According to the article, the orientation for preference to same sex relations remain covert as it was categorized as criminal in nature to expose homosexual acts, in private or in public, even by consenting adults prior to 1969. There was no organization in England promoting for any homosexual reform that it waited for American ideals of homosexual liberation to emerge. Despite the British laws prevailing to be predominantly homophobic, homosexual content in English literature still remained sporadic, depending on the creativity and restraint of the writer.
British literature had patiently waited for fourteen years since the Wolfenden Report of 1953 recommending that homosexual behavior between consenting adults in private no longer be criminalized in England, before they can freely express homosexual content in their literary works.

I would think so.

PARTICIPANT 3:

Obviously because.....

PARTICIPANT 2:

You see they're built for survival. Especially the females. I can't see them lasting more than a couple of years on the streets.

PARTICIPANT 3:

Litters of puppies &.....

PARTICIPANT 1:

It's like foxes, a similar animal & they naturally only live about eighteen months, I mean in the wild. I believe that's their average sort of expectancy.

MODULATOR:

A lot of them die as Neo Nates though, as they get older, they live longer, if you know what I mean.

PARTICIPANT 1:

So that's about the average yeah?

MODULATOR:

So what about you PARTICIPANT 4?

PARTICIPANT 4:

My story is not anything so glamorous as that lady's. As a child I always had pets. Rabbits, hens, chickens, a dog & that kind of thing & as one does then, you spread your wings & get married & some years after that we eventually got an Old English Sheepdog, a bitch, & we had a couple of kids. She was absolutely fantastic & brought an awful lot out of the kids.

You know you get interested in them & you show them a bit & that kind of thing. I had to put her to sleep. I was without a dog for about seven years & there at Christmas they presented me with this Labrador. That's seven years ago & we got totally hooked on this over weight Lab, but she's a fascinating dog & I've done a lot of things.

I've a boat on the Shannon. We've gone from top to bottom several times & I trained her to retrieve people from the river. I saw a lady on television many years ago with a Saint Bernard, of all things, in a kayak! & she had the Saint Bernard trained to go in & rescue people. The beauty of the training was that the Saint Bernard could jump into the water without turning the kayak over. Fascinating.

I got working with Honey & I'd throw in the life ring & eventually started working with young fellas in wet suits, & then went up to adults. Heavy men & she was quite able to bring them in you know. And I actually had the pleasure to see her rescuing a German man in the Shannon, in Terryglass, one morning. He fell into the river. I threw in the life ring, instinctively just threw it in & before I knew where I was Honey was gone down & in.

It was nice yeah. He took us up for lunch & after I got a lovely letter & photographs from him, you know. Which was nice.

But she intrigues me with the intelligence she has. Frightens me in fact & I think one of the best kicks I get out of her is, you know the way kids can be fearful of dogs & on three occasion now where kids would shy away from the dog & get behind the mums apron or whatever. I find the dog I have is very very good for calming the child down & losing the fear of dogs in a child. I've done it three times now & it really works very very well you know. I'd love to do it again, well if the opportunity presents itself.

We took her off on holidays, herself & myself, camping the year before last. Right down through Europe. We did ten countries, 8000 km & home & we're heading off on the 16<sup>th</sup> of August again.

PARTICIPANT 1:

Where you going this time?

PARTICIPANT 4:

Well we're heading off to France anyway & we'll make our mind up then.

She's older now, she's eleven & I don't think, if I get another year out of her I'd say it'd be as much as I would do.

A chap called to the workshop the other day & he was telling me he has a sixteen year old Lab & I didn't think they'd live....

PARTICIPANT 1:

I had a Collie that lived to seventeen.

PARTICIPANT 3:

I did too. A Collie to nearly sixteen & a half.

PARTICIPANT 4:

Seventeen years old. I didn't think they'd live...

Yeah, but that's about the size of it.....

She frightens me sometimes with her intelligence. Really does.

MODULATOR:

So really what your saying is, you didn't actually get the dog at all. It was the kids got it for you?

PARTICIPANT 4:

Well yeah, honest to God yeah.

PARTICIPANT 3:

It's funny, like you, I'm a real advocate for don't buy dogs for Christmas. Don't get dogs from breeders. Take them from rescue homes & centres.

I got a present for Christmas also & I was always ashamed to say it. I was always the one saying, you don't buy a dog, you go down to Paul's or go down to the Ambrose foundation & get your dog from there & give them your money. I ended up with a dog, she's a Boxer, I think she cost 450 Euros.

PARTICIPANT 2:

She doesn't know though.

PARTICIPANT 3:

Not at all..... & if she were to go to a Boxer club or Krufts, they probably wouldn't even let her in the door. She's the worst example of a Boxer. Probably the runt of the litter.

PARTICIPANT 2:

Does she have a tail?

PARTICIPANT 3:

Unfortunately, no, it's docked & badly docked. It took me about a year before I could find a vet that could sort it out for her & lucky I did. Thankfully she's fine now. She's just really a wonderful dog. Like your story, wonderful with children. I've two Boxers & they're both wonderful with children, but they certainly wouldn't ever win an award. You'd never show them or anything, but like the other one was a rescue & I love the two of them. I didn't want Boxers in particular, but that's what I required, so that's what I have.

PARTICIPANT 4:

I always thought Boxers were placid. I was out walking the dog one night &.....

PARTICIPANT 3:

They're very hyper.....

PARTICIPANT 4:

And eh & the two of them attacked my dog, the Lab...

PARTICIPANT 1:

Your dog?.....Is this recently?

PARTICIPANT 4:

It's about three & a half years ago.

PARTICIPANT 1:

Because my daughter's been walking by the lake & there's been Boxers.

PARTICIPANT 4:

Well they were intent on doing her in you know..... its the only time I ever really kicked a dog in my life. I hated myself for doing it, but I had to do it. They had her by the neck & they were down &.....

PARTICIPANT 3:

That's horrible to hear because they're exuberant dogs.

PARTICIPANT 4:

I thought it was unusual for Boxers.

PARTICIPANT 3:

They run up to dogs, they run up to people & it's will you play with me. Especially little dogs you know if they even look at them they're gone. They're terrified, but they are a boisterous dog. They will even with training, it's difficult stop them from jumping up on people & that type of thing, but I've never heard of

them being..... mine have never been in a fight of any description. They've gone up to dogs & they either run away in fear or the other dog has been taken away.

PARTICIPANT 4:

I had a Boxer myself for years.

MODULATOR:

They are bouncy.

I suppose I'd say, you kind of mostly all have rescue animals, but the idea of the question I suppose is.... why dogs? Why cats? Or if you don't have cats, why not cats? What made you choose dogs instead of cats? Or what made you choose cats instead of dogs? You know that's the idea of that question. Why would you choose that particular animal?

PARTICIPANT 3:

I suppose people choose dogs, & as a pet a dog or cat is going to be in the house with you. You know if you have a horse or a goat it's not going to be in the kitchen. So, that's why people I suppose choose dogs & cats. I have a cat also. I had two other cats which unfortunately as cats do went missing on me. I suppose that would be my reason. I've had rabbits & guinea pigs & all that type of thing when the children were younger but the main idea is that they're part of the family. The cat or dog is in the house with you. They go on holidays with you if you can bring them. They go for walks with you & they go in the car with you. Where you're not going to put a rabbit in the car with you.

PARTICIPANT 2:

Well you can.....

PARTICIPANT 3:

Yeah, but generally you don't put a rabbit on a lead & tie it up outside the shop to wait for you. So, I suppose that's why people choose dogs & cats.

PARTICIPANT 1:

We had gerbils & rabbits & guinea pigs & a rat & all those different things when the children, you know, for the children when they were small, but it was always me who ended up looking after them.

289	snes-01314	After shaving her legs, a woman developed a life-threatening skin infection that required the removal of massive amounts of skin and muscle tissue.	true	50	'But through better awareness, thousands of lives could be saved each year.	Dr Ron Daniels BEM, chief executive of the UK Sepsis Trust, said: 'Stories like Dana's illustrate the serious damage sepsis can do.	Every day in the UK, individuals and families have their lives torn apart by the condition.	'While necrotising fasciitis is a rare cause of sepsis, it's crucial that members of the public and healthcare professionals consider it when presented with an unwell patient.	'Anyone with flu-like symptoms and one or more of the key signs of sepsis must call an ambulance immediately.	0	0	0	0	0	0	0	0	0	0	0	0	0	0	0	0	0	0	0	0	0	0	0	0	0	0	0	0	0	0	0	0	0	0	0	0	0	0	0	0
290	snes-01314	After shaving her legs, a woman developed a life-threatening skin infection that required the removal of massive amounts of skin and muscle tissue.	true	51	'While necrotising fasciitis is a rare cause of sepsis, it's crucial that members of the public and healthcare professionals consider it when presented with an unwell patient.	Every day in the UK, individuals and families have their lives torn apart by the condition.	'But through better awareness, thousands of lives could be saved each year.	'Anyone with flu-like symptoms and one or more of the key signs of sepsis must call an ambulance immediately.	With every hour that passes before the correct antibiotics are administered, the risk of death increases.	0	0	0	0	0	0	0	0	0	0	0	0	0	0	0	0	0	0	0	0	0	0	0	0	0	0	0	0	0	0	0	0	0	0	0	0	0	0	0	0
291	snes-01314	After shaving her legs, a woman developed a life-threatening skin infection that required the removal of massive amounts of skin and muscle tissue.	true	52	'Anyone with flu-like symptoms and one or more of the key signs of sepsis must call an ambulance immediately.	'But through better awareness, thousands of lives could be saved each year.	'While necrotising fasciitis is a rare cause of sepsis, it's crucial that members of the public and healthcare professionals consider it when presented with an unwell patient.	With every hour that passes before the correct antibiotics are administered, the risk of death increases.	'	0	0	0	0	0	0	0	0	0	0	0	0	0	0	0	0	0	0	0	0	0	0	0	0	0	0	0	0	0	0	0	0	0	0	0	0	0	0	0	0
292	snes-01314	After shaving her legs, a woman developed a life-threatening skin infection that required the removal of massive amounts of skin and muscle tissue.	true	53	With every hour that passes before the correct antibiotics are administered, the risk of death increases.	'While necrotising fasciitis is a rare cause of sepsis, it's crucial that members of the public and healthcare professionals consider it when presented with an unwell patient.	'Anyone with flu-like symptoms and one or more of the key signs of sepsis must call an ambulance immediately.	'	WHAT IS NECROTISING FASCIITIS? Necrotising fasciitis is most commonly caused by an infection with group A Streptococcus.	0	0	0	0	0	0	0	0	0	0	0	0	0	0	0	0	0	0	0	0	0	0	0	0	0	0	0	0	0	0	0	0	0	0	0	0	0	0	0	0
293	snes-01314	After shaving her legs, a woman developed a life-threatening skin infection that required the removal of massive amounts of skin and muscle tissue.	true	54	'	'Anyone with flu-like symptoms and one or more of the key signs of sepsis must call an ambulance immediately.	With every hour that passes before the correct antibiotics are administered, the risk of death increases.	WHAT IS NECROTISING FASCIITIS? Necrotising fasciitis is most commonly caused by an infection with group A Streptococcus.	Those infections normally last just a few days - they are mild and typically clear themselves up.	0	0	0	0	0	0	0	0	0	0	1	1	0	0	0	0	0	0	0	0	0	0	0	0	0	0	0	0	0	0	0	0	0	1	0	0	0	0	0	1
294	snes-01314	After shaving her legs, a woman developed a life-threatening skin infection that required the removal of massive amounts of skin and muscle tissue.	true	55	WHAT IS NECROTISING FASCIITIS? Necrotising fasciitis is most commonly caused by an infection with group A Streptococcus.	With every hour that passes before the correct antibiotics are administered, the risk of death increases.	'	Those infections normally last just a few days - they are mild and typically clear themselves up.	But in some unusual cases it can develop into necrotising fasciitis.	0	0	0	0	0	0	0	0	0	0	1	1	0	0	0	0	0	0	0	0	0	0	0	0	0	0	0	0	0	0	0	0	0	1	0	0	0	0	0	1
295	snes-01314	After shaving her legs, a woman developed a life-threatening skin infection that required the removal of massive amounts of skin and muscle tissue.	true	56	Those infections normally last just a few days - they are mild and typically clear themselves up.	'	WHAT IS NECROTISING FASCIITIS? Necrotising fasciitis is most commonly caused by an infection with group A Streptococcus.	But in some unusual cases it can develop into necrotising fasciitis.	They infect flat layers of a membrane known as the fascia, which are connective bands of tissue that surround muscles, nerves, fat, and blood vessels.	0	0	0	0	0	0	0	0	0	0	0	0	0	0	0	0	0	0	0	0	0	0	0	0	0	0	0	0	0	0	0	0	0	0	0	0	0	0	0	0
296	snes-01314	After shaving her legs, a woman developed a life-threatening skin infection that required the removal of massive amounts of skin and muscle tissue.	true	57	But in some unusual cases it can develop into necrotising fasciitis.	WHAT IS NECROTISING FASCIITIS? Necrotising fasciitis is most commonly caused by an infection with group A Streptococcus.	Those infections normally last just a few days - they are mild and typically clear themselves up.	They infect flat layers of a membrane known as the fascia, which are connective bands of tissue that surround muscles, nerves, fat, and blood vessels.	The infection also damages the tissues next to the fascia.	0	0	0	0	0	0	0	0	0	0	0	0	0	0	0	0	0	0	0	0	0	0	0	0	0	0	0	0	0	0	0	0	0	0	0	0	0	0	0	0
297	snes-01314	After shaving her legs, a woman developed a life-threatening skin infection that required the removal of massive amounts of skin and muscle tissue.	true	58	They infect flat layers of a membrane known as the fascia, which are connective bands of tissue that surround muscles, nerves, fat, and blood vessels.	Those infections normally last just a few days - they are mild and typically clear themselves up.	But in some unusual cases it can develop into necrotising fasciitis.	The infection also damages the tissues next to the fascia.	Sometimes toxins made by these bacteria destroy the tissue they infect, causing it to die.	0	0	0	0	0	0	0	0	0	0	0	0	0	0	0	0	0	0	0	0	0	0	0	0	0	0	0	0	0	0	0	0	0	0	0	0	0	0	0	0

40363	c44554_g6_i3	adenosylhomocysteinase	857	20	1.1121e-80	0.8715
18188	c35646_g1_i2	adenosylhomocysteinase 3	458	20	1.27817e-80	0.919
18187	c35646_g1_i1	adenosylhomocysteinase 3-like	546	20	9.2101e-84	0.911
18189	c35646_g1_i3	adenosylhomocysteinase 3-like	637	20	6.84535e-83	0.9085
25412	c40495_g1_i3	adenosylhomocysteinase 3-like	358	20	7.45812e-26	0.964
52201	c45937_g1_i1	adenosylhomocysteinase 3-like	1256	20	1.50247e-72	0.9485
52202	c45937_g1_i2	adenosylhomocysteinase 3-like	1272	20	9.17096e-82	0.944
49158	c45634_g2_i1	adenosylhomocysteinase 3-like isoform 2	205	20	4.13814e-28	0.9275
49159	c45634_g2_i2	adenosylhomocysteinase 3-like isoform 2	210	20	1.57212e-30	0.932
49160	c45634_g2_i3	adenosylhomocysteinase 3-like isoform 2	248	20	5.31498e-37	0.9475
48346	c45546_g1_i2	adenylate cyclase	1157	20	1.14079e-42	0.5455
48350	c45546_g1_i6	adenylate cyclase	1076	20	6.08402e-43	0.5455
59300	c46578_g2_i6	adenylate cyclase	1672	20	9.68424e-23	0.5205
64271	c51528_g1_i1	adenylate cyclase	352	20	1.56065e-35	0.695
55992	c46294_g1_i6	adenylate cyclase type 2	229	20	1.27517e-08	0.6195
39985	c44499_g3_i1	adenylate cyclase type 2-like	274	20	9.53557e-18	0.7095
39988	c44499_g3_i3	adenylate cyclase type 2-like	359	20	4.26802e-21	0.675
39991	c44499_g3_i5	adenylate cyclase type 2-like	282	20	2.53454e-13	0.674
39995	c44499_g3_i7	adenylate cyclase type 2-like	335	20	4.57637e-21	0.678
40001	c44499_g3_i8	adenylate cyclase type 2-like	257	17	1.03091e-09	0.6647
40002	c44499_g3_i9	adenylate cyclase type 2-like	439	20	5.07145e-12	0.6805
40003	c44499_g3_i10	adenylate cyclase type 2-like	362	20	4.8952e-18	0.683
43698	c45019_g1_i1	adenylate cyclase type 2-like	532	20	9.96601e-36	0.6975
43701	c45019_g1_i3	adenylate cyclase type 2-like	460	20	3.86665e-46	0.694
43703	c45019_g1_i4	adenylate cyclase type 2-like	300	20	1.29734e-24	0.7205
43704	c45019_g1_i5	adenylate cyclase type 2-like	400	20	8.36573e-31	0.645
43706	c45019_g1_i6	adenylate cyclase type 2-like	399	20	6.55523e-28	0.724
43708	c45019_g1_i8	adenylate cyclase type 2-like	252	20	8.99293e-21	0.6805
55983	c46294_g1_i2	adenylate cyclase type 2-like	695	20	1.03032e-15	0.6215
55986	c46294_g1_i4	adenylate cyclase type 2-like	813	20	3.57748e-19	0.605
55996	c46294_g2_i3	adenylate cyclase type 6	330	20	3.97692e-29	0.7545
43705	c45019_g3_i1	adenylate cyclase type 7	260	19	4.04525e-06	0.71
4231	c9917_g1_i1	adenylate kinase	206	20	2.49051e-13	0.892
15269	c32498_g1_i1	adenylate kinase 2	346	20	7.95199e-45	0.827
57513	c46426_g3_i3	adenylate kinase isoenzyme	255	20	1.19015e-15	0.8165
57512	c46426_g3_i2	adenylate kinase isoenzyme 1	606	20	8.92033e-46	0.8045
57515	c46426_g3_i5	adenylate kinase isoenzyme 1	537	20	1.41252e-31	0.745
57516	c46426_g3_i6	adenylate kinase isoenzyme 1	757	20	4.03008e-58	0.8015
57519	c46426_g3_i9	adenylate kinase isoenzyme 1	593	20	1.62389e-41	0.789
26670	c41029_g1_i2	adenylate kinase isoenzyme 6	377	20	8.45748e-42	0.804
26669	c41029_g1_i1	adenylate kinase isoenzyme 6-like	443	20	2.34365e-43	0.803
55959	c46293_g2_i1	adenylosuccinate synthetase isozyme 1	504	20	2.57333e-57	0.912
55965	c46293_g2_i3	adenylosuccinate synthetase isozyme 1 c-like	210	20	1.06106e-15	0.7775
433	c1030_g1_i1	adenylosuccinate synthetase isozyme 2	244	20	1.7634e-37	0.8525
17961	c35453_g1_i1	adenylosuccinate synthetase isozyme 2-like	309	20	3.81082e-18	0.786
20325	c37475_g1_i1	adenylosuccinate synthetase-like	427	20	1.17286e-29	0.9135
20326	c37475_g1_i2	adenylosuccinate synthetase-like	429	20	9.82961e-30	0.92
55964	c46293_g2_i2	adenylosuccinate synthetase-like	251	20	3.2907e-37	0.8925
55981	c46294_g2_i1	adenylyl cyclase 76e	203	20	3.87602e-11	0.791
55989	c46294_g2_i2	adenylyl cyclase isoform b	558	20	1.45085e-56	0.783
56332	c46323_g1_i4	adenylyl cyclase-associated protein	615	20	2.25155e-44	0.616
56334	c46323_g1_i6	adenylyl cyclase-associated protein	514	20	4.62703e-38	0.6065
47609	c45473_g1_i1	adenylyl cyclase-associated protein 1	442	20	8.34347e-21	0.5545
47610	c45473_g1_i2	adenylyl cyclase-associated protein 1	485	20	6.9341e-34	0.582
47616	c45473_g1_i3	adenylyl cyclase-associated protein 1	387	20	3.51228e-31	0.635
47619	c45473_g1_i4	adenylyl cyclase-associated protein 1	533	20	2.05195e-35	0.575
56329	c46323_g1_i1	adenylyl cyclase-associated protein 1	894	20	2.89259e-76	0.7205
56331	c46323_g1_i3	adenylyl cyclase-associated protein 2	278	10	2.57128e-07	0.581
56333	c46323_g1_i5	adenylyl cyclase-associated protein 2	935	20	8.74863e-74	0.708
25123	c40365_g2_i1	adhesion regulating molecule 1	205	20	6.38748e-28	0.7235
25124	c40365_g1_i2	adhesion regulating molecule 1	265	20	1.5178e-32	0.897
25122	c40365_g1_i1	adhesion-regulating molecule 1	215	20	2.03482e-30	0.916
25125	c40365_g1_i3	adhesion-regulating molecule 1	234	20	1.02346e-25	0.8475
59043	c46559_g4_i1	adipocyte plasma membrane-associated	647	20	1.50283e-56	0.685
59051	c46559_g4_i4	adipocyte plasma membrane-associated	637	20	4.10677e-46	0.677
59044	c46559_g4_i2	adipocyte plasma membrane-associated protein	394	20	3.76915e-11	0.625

It is my personal contention that the issue of homosexuality remains to be controversial in other parts of the world until contemporary times. What American culture had promoted in terms of liberalizing homosexual behavior was readily accepted in other Western civilizations. Some Eastern culture remains to be still conservative in openly accepting homosexual acts given the cultural values and beliefs, especially pinning on religious orientations.
In literature, however, I support freedom of creative expression including the writing of homosexual content conforming to ethical frameworks. Wanton disregard for the readers’ morals would render their literary work utterly improvident.
I share Jeremy Bentham’s belief that in writing about homosexuality, one must weigh “the pleasure of consensual homosexual relations against the pain or harm it causes the general public… by causing no harm to others, homosexuality is justified by the pleasures of those who practice it.” (glbtq, 2002,